A sculptor renowned for hyperrealistic, often supersized work, Johnson has done pieces on the Mona Lisa and Marilyn Monroe. They're the subjects of the two other plays in Sabato's Backstories trio.
"People have tried to figure out what the Mona Lisa's smile is about for 500 years. I'm trying to do it in 30 minutes," says Sabato, 63. He's a partner, with Ray Croce and Chelsea DiPilla, in A Saturday's Child, an arts and entertainment company in Somers Point.
"I completely trusted Dambra's perspective," says Rena Perrone, the performing arts manager at Grounds, who engaged the company to create and produce the plays. "I'm excited to see it come alive onstage."
I get a sneak peek as the Unconditional Surrender cast and crew do a tech rehearsal Tuesday.
Kuerzi, 24, of Mullica Hill, gets her hair arranged into a suitably retro 'do by Philadelphia actress Allison Kessler, who's also 24. Glenn Kraft, 25, of Jamison, Pa., sports an authentic-looking Navy uniform; his scene will go up first.
"The space is absolutely wonderful, but it's cavernous," notes Croce, the director. The gallery, like many of Johnson's sculptures, is enormous, a vast space in keeping with the Grounds' garden-in-an-industrial-park vibe.
"We have to keep [the performance] intimate," Croce, 56, adds. "We had smaller rehearsals in my house in Cherry Hill, and the cast meshed very well."
Before the actors take the stage, I chat with Sabato. He's an energy shot - even when seated (for a moment) on a sofa.
I ask how he managed to use pieces of sculpture that themselves had been inspired by icons as raw materials for an evening of theater.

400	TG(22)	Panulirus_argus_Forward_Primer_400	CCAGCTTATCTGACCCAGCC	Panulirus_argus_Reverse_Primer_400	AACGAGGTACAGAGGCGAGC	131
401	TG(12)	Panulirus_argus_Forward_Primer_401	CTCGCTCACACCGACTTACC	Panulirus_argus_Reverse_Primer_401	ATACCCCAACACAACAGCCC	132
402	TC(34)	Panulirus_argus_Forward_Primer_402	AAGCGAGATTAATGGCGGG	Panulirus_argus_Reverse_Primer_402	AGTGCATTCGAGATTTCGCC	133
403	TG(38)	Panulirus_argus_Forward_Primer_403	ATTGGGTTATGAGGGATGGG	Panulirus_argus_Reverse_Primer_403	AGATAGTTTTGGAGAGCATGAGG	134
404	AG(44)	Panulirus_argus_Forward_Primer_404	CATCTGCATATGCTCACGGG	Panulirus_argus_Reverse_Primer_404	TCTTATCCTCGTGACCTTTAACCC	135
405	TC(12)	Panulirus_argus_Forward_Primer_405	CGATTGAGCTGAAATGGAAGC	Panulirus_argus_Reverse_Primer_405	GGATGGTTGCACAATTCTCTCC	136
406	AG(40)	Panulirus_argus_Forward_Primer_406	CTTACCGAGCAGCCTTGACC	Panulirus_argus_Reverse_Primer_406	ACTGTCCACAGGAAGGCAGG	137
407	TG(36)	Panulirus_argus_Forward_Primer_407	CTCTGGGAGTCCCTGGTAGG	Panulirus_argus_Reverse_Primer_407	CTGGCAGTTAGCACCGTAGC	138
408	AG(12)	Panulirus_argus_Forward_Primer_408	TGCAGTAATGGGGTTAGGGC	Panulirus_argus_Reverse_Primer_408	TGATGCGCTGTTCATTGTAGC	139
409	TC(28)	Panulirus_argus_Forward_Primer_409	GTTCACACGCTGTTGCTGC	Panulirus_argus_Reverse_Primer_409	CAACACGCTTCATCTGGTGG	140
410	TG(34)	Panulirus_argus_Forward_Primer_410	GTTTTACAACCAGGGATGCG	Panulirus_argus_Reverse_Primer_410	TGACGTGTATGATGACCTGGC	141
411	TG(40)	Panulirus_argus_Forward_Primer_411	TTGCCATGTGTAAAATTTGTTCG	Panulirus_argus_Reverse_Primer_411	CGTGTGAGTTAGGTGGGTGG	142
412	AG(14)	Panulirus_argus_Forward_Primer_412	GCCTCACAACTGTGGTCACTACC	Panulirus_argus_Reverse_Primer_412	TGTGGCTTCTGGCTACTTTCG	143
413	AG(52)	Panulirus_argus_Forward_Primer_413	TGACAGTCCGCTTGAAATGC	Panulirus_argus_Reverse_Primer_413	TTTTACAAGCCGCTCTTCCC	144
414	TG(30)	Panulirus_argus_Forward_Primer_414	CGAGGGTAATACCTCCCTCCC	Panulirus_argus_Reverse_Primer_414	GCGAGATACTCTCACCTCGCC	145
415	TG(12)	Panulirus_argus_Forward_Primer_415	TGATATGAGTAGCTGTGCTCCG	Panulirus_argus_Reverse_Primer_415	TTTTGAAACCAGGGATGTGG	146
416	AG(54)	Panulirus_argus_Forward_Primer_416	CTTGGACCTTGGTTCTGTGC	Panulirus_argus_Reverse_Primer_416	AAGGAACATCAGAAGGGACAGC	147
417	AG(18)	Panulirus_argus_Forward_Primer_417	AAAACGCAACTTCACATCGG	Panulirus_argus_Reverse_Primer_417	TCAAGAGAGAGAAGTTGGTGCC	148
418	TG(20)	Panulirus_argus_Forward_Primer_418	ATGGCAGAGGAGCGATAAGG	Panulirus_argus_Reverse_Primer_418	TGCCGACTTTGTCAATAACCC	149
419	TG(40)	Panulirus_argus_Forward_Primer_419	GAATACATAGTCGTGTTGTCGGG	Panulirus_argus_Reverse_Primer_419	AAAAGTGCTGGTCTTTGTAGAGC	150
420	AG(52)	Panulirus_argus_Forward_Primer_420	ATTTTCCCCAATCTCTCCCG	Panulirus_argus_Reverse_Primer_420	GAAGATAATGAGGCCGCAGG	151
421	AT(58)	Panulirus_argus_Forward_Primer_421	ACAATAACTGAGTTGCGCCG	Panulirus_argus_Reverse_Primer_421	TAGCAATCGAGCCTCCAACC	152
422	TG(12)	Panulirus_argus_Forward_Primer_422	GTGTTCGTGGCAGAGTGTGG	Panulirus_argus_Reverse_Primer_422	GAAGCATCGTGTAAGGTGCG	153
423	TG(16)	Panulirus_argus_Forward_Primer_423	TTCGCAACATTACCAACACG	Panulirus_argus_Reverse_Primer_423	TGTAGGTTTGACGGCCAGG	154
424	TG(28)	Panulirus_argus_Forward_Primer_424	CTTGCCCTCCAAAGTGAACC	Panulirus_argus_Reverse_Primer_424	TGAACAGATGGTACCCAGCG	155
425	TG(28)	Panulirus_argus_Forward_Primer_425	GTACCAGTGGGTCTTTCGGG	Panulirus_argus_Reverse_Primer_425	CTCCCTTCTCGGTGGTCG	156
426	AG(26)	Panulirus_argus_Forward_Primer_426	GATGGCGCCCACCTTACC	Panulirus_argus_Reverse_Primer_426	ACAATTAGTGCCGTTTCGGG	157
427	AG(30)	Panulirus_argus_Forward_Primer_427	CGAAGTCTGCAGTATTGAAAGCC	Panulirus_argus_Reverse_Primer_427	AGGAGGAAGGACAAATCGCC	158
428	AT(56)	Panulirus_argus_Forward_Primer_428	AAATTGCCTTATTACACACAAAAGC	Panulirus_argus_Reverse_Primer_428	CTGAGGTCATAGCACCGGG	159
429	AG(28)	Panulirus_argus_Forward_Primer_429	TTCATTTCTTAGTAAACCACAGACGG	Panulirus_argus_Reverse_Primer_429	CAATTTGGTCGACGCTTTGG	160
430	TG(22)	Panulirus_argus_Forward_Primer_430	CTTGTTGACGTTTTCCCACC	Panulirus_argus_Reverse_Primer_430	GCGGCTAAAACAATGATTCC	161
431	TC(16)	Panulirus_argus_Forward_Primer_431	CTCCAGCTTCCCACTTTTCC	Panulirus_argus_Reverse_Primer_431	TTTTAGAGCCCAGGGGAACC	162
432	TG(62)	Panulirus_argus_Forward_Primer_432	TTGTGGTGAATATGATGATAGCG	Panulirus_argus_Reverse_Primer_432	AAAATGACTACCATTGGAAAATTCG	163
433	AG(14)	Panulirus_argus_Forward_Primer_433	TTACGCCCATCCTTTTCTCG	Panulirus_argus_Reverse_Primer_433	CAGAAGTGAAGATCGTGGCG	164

"The first step is a massive amount of research," he says. "I truly believe the key to writing a good play is to take one fanciful possibility and wrap it in a thousand truths."
Johnson's 26-foot Marilyn, recently returned to the Grounds after a sojourn in Palm Springs, depicts the star's dress-billowing pose atop a subway grate in the film The Seven-Year Itch.
Sabato came up with a backstory that he says will offer not just one but two classic Marilyn moments, courtesy of New York performer Erika Smith.
As for Mona, played by Philadelphia actress Angela Carolfi, the playwright drew from the powerful females in his Italian American childhood in Philly's Swampoodle section.
"Mona Lisa is a woman of the 16th century, but she's very much a modern woman," Sabato says, describing his one-act as "a chess match between Mona Lisa and Leonardo da Vinci."
And as for the iconic kiss, the playwright tells a story based on widespread speculation that (spoiler alert?) the lip-lock that became a symbol of spontaneous joy may have been staged.
"There's been a lot of controversy," says Sabato, and his play is "creative conjecture" about the sailor who kissed the girl in the white uniform as America embraced the end of the war.
"Who are these people?" he says. "How did they get there?"
The lights on the stage go down, then come up. And we find out.